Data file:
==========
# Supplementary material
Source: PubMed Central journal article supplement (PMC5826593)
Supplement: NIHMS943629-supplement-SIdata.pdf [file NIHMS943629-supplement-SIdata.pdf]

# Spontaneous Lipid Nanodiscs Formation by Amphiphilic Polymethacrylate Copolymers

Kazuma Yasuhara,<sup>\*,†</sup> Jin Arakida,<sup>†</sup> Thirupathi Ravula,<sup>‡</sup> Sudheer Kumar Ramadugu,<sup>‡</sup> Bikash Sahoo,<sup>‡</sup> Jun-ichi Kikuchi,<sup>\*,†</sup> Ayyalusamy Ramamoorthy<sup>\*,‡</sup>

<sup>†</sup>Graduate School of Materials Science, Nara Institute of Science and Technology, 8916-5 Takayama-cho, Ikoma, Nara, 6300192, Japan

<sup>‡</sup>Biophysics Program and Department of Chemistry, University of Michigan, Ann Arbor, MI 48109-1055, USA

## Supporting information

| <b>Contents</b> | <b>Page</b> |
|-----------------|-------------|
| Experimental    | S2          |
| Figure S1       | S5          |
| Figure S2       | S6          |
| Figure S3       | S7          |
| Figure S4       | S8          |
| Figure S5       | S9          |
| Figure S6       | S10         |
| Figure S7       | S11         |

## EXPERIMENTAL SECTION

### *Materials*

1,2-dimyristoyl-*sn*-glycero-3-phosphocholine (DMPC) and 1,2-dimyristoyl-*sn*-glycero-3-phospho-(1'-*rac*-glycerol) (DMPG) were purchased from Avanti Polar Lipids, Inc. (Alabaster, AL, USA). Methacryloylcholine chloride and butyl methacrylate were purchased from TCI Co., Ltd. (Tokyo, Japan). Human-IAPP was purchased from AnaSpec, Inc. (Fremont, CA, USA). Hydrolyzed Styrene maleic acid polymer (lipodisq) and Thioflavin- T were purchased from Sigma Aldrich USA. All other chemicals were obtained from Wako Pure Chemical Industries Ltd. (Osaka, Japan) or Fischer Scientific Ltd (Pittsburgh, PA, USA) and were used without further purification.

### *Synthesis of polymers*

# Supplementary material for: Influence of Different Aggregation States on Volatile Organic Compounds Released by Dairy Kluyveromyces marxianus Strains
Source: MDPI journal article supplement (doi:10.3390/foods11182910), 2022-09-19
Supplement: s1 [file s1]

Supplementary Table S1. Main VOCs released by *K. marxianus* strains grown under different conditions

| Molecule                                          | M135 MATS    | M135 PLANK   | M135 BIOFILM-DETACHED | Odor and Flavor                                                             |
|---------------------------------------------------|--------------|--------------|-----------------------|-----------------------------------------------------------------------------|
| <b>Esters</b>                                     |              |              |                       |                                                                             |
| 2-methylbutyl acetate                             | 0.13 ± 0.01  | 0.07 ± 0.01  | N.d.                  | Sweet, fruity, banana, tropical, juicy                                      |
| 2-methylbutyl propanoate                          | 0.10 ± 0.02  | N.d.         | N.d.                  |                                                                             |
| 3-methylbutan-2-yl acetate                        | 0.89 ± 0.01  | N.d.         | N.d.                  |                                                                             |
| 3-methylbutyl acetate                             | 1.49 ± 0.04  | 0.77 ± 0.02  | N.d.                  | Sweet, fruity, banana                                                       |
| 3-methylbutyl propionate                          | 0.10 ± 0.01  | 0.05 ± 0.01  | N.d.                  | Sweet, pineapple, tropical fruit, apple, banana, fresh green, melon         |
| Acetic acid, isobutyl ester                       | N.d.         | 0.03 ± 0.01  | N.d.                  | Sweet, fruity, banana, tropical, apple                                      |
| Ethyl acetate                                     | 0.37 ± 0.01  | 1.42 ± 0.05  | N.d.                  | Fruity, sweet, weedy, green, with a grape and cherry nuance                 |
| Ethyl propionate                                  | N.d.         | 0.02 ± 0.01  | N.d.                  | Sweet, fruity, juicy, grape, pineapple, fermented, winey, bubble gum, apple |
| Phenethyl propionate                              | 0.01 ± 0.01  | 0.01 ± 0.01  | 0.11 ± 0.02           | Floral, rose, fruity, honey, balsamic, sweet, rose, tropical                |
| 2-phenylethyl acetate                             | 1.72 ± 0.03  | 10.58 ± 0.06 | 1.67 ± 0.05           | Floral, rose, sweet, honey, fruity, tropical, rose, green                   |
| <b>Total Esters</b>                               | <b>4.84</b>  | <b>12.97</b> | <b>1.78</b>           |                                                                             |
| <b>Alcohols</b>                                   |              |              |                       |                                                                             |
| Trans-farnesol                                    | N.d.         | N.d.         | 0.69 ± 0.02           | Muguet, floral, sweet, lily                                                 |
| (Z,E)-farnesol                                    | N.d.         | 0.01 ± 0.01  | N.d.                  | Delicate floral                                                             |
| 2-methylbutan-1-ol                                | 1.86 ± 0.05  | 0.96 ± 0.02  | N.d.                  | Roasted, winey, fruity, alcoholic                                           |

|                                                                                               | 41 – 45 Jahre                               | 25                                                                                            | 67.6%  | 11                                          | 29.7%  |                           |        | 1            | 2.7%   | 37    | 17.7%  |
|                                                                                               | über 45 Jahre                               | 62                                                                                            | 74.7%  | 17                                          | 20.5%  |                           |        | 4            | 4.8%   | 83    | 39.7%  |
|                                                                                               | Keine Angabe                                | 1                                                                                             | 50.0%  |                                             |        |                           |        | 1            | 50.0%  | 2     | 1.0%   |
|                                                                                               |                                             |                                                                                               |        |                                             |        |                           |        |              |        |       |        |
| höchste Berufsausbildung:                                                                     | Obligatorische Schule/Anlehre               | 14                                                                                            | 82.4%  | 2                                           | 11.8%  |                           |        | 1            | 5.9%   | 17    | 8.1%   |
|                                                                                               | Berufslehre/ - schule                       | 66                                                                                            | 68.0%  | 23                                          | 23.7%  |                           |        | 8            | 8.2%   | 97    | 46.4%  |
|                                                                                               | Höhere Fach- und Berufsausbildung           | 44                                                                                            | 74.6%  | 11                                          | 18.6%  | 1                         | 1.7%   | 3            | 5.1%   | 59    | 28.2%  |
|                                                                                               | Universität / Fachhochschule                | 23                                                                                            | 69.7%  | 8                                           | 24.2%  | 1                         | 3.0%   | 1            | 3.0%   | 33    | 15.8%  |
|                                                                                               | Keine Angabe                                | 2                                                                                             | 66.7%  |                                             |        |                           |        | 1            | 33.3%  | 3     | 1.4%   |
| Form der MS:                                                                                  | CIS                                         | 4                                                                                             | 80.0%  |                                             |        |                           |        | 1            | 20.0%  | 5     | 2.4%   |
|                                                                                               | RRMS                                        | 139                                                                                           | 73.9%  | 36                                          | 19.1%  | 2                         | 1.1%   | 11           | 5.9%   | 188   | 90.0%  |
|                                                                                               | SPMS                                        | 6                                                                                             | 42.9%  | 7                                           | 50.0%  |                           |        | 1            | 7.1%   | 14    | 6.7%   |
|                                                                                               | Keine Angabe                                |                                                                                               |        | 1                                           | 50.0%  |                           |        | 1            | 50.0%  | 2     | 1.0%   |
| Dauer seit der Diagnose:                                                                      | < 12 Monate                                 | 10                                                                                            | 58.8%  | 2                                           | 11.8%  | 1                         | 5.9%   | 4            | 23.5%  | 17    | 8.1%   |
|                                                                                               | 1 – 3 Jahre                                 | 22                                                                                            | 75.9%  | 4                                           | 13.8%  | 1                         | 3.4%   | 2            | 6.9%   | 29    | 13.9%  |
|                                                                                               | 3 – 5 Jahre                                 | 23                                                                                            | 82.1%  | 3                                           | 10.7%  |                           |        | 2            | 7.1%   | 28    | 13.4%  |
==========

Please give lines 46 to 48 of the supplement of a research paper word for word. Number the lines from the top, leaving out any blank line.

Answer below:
|                                                                                               | über 45 Jahre                               | 62                                                                                            | 74.7%  | 17                                          | 20.5%  |                           |        | 4            | 4.8%   | 83    | 39.7%  |
|                                                                                               | Keine Angabe                                | 1                                                                                             | 50.0%  |                                             |        |                           |        | 1            | 50.0%  | 2     | 1.0%   |
|                                                                                               |                                             |                                                                                               |        |                                             |        |                           |        |              |        |       |        |